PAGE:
Apparently the federal government has been studying ways to change the provincial equalisation programme. Changes to things like the way hydro revenues are calculated could have a major impact on the equalisation that Quebec receives.

Not only have the Conservatives ramped up their advertising spending in an age of fiscal austerity, it seems that over the past five years, they’ve exceeded said advertising budgets by 37 percent. Fiscal discipline, everybody!

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Roundup: Farewell to a needed watchdog

The former Inspector General of CSIS is decrying the dismantling of her former office, saying that the job of keeping an eye on CSIS from the inside, full-time, simply cannot be done by the Security and Intelligence Review Committee, and denied that there was any duplication of efforts (thus blowing away another of the talking point justifications for axing the office). But hey, why do we need someone to watch the watchmen? It’s not like we have anything to worry about – right?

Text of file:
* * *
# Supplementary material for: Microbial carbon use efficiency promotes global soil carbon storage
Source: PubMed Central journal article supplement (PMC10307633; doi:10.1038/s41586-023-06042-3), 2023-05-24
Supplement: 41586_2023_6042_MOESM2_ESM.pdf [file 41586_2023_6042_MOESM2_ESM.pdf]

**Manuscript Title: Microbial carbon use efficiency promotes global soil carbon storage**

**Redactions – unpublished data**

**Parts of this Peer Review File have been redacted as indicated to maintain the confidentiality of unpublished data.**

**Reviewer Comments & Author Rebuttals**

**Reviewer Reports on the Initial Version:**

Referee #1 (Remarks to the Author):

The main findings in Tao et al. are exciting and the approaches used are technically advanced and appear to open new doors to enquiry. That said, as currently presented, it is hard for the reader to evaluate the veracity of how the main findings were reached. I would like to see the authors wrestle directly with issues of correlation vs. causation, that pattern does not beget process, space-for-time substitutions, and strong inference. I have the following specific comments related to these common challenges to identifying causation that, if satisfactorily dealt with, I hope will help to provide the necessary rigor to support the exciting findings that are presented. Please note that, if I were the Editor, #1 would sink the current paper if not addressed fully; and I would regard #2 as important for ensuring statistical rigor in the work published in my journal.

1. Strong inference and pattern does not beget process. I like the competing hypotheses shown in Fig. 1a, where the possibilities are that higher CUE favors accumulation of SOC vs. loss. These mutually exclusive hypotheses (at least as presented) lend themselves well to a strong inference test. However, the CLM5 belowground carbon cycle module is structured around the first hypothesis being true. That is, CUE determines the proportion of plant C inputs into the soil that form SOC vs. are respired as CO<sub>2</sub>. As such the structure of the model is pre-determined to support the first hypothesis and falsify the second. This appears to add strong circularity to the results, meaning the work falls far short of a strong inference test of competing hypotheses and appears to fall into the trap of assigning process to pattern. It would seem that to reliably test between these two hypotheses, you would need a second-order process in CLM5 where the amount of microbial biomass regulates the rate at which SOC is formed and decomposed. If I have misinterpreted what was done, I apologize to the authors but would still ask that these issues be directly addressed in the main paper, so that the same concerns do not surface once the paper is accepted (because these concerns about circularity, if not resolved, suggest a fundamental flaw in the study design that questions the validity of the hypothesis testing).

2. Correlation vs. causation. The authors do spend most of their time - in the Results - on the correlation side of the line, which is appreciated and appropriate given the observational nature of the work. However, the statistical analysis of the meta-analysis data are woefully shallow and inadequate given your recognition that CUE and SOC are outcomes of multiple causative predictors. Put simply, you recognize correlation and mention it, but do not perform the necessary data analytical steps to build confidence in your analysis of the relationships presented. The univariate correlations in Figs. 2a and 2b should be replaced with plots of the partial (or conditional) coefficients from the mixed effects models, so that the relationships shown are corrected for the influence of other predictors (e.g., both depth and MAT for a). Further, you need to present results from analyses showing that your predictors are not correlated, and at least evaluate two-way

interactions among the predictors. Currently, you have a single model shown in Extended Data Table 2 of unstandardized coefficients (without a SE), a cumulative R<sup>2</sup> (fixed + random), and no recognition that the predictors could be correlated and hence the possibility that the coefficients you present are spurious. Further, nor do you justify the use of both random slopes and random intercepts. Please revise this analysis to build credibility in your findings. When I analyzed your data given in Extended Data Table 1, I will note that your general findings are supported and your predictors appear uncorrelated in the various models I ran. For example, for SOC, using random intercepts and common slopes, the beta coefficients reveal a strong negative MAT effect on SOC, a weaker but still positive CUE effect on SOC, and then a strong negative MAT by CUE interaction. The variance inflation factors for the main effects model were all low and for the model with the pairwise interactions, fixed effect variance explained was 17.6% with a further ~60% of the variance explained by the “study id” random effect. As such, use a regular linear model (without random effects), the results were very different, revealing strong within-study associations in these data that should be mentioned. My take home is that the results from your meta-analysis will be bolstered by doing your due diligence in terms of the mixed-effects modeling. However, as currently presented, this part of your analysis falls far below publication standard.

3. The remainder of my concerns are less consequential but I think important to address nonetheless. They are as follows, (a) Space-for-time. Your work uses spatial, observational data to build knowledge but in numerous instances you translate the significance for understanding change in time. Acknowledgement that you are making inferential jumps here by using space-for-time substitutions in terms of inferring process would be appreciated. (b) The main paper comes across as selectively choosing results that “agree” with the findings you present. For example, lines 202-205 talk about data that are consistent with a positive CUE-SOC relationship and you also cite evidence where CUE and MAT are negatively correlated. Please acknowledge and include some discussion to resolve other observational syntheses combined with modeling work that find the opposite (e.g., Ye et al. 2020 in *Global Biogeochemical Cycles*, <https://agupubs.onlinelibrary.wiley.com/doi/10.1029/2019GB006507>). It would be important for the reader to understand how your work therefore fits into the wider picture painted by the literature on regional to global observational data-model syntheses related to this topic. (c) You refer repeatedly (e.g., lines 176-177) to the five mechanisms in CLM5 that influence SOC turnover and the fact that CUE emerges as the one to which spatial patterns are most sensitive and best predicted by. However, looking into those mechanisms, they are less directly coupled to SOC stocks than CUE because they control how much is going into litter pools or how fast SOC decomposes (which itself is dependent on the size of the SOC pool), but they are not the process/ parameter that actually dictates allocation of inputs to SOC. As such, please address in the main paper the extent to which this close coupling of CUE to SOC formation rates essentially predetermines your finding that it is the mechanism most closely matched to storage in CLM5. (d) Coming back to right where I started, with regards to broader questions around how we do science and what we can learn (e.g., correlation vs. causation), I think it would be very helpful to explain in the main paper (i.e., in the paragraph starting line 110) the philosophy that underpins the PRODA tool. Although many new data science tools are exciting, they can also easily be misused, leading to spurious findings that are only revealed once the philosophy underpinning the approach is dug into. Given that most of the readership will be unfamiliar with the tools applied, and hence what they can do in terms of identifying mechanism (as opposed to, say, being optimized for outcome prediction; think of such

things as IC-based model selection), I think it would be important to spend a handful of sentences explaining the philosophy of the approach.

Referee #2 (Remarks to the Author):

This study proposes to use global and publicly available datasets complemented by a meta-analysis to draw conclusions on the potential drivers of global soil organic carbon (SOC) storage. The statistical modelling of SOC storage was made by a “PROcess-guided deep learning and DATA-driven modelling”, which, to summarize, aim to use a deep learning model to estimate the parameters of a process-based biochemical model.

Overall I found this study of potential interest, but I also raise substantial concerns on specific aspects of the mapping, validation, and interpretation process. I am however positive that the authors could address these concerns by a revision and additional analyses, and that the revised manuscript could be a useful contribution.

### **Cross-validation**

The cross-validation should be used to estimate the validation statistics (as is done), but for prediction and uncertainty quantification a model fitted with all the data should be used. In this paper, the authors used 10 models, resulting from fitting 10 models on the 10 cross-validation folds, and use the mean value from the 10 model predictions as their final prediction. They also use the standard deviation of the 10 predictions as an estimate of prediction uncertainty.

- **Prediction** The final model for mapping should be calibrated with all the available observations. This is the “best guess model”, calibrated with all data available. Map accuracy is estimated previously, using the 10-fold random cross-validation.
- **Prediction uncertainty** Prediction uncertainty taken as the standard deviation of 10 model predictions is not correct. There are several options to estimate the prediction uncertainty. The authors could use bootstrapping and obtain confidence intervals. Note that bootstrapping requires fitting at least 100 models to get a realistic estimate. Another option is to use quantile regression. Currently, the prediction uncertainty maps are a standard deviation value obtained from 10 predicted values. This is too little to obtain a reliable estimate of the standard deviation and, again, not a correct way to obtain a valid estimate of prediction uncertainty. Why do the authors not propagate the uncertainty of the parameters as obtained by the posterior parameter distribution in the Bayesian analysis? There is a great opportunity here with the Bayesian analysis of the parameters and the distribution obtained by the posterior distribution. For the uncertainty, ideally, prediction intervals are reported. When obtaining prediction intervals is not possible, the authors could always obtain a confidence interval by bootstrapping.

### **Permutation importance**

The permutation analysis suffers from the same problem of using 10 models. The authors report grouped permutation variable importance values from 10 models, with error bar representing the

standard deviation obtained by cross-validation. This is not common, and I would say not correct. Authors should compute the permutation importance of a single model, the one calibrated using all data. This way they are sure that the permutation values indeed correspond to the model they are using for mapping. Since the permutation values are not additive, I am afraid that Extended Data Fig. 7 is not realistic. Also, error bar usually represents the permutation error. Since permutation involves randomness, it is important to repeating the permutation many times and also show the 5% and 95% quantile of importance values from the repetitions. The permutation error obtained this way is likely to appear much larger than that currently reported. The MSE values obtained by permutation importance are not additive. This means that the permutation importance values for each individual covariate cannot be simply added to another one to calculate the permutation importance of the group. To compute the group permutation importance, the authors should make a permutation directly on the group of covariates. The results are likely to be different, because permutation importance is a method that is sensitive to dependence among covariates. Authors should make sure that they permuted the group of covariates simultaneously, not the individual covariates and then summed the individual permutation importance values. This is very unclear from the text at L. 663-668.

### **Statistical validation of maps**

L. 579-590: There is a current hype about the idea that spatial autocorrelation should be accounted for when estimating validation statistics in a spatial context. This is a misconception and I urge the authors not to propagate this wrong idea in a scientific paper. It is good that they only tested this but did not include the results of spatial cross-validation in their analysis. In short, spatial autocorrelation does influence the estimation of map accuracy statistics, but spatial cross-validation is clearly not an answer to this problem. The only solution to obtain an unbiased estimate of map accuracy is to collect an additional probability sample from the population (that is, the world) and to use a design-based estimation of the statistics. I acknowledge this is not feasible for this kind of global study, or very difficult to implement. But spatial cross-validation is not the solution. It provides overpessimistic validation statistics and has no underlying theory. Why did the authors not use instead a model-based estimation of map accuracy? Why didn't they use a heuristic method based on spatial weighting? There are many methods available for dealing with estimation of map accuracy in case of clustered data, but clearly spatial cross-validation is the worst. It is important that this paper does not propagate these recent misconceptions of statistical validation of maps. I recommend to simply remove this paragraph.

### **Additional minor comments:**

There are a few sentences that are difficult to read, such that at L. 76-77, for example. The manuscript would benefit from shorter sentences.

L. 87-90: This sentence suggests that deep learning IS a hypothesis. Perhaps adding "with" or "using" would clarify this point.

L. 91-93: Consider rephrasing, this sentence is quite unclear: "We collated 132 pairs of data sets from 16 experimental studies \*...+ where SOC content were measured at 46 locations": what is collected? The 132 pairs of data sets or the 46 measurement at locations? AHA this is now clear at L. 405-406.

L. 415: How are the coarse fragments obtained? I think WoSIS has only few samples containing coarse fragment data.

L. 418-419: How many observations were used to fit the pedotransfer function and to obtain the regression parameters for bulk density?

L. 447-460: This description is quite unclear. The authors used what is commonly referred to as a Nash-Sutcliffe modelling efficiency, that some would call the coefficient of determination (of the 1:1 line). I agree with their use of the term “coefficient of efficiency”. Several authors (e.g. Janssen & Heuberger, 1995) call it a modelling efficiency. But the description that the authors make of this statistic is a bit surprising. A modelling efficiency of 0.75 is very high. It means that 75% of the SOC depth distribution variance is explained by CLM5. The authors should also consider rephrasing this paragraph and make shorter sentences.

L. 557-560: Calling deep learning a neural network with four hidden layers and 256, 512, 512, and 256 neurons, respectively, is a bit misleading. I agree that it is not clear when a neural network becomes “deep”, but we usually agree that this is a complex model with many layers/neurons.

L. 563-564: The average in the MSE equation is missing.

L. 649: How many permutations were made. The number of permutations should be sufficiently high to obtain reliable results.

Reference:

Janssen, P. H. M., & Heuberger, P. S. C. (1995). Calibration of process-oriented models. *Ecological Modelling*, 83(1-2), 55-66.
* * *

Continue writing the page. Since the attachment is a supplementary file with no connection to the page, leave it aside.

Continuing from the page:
Elections Canada’s investigators have traced alleged robo-call organiser “Pierre Poutine” as far an on open WiFi connection, where the trail grows cold.

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Roundup: Ironic elections observers?

Jason Kenney announced that Canada will be sending 500 elections observes to Ukraine – including Ted Opitz. You know, the guy whose election the Supreme Court may very well be overturning within days. Does this count as irony?